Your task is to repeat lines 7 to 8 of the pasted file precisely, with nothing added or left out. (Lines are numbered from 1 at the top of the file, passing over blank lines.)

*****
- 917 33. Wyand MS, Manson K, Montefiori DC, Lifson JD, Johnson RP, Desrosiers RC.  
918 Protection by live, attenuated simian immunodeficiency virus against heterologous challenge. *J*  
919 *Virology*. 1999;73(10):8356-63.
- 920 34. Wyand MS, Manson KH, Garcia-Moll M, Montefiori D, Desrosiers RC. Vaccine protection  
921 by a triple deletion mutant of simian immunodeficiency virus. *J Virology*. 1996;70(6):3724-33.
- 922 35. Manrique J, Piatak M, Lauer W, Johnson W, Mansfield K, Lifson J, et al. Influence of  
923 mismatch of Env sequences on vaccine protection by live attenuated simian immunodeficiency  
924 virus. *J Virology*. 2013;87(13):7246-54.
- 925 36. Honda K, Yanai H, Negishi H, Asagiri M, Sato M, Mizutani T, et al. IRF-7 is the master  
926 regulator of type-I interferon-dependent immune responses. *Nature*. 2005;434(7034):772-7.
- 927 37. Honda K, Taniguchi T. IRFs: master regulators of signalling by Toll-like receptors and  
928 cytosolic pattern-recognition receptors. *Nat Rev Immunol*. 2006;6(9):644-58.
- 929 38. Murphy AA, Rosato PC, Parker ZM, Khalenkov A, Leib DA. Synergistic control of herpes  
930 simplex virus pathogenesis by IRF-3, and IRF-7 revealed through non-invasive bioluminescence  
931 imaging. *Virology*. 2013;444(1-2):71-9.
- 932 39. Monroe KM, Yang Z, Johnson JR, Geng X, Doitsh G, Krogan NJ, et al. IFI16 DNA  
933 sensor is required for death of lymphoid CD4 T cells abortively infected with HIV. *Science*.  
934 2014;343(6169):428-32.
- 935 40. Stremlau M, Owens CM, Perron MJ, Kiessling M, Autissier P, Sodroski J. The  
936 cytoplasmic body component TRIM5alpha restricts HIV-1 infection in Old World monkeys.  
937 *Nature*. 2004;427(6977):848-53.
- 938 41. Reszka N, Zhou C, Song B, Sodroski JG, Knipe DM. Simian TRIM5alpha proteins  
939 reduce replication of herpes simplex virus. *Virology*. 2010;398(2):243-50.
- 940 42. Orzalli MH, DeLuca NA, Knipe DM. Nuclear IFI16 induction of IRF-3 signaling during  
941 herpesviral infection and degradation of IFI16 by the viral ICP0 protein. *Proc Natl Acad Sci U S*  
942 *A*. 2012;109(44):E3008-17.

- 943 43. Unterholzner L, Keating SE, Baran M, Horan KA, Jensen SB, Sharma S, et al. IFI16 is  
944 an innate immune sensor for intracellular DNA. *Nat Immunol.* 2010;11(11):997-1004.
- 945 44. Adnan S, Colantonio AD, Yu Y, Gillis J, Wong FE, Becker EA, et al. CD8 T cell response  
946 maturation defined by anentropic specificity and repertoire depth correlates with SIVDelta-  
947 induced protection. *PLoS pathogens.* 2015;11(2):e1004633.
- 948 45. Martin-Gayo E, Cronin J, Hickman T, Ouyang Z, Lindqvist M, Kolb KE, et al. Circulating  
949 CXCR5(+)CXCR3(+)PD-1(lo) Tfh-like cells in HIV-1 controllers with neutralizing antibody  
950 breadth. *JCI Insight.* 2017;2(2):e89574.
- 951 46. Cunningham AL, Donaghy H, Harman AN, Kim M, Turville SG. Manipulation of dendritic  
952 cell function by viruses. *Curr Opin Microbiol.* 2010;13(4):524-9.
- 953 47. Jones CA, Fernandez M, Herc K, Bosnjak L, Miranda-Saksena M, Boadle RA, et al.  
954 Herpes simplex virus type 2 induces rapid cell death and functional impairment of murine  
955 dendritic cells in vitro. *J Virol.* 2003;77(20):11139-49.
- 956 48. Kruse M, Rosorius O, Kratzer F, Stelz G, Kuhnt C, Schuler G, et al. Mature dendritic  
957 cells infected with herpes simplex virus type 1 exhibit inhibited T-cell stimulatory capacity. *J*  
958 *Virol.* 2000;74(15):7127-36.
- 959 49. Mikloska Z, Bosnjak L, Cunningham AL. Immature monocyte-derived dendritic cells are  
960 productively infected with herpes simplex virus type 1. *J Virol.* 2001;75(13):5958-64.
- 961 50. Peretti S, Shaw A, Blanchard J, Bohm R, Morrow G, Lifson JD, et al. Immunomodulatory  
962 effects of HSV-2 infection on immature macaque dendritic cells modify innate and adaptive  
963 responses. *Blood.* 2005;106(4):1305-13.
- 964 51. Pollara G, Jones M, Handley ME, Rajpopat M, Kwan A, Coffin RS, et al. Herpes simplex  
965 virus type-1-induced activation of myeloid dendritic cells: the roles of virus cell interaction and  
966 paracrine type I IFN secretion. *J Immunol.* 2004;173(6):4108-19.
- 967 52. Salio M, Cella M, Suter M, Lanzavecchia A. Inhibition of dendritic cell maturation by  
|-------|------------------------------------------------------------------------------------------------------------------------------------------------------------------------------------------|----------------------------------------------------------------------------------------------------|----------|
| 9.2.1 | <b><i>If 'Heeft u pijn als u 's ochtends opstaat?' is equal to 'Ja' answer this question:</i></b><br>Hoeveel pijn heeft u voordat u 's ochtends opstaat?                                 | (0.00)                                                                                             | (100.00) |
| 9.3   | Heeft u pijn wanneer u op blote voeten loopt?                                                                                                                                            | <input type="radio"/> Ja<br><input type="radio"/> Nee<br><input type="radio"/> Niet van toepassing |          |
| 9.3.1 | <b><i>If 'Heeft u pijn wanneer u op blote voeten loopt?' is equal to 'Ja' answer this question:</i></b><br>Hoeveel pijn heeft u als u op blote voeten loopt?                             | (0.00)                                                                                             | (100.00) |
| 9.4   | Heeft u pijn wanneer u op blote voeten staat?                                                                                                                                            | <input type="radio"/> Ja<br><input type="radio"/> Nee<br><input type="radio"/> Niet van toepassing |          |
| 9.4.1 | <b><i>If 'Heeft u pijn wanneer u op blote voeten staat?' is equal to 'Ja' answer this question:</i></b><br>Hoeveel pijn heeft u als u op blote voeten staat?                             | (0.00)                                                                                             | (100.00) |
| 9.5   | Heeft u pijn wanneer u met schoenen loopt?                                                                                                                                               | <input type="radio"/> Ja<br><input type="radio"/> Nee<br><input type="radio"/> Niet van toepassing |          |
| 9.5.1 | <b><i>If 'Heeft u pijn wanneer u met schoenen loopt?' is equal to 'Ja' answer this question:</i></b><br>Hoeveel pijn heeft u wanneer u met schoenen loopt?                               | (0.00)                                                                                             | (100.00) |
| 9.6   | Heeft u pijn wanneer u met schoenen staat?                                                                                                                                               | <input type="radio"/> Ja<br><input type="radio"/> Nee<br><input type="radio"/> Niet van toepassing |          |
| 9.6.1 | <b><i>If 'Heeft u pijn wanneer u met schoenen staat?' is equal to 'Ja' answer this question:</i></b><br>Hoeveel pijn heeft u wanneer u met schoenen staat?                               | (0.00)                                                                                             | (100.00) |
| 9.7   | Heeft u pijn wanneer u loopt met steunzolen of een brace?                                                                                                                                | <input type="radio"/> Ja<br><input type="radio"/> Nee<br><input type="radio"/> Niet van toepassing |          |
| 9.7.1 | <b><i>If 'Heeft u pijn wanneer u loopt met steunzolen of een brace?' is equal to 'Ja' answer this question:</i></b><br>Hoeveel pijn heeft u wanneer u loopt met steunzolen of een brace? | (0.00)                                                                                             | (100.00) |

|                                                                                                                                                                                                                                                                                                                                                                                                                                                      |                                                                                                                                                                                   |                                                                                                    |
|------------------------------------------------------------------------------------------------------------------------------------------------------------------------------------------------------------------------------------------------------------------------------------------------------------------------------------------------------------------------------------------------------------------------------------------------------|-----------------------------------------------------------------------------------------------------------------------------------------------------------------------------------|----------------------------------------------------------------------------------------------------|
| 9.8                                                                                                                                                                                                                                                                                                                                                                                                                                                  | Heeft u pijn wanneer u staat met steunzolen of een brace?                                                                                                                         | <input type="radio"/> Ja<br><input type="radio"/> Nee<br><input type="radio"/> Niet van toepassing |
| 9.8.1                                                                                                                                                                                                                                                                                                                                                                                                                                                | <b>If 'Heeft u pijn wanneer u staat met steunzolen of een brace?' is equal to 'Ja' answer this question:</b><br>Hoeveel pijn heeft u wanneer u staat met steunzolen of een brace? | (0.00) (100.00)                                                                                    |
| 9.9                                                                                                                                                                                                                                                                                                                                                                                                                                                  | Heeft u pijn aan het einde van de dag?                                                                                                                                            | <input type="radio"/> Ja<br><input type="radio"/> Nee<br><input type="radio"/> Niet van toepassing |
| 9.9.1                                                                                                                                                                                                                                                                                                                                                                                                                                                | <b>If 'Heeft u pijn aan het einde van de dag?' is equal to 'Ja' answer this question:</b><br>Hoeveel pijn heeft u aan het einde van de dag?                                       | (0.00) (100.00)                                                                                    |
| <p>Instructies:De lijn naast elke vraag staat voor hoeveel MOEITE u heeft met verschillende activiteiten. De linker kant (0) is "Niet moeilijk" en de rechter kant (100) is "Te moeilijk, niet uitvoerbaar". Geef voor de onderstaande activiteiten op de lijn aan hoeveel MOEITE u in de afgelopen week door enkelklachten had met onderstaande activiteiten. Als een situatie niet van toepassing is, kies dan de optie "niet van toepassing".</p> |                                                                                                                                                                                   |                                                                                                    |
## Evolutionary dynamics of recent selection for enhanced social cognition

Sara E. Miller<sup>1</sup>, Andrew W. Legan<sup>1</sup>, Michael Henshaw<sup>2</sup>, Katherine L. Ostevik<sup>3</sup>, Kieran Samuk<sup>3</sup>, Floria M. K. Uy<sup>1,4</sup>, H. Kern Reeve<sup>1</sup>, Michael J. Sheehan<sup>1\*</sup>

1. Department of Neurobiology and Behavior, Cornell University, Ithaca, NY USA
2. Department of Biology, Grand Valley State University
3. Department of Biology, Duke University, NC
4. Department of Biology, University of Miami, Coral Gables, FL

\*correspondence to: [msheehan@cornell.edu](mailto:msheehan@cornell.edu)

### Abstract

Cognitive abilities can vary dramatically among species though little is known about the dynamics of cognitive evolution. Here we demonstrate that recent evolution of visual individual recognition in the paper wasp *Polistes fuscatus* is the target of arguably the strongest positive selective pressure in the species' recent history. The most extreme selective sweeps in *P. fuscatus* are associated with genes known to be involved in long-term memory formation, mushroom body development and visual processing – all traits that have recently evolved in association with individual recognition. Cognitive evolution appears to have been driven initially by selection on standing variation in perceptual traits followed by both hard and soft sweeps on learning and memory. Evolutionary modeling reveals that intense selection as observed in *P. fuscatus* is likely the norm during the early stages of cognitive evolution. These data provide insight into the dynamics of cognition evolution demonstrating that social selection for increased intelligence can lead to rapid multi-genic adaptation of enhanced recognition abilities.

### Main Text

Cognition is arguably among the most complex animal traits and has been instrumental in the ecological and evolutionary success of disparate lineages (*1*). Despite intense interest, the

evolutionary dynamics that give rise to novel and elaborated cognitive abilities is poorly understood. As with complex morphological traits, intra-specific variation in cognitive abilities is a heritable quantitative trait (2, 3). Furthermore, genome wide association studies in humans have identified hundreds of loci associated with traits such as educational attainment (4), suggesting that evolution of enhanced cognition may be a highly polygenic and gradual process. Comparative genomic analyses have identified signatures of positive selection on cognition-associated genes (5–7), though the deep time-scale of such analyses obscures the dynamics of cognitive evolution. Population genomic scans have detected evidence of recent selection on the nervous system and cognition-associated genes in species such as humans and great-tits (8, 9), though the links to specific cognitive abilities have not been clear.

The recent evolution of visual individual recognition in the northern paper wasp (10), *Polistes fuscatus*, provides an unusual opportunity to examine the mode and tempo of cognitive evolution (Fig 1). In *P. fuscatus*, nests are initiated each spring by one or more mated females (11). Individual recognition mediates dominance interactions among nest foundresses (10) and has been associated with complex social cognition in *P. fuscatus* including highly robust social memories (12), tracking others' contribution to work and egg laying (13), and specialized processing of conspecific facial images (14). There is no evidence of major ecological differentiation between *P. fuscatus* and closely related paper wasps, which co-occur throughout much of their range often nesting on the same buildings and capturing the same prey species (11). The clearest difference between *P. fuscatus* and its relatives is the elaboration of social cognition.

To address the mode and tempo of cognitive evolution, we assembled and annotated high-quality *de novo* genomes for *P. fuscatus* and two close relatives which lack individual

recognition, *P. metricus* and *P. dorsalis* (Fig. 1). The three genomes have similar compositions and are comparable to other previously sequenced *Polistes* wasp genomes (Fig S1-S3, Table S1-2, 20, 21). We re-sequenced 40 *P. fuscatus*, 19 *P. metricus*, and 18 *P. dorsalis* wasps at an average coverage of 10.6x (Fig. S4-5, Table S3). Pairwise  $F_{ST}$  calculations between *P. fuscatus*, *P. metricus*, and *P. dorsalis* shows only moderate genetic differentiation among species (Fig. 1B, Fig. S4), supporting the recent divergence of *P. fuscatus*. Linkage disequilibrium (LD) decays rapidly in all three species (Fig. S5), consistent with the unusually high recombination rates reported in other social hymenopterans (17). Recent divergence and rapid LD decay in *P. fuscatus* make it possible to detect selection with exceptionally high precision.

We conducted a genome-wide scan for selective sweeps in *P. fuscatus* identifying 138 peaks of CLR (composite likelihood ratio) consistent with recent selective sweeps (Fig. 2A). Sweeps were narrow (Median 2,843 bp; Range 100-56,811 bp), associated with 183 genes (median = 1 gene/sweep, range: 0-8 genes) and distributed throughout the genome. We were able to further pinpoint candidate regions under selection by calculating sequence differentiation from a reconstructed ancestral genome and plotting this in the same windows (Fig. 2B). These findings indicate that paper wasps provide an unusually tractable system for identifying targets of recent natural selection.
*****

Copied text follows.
923 mismatch of Env sequences on vaccine protection by live attenuated simian immunodeficiency  
924 virus. *J Virology*. 2013;87(13):7246-54.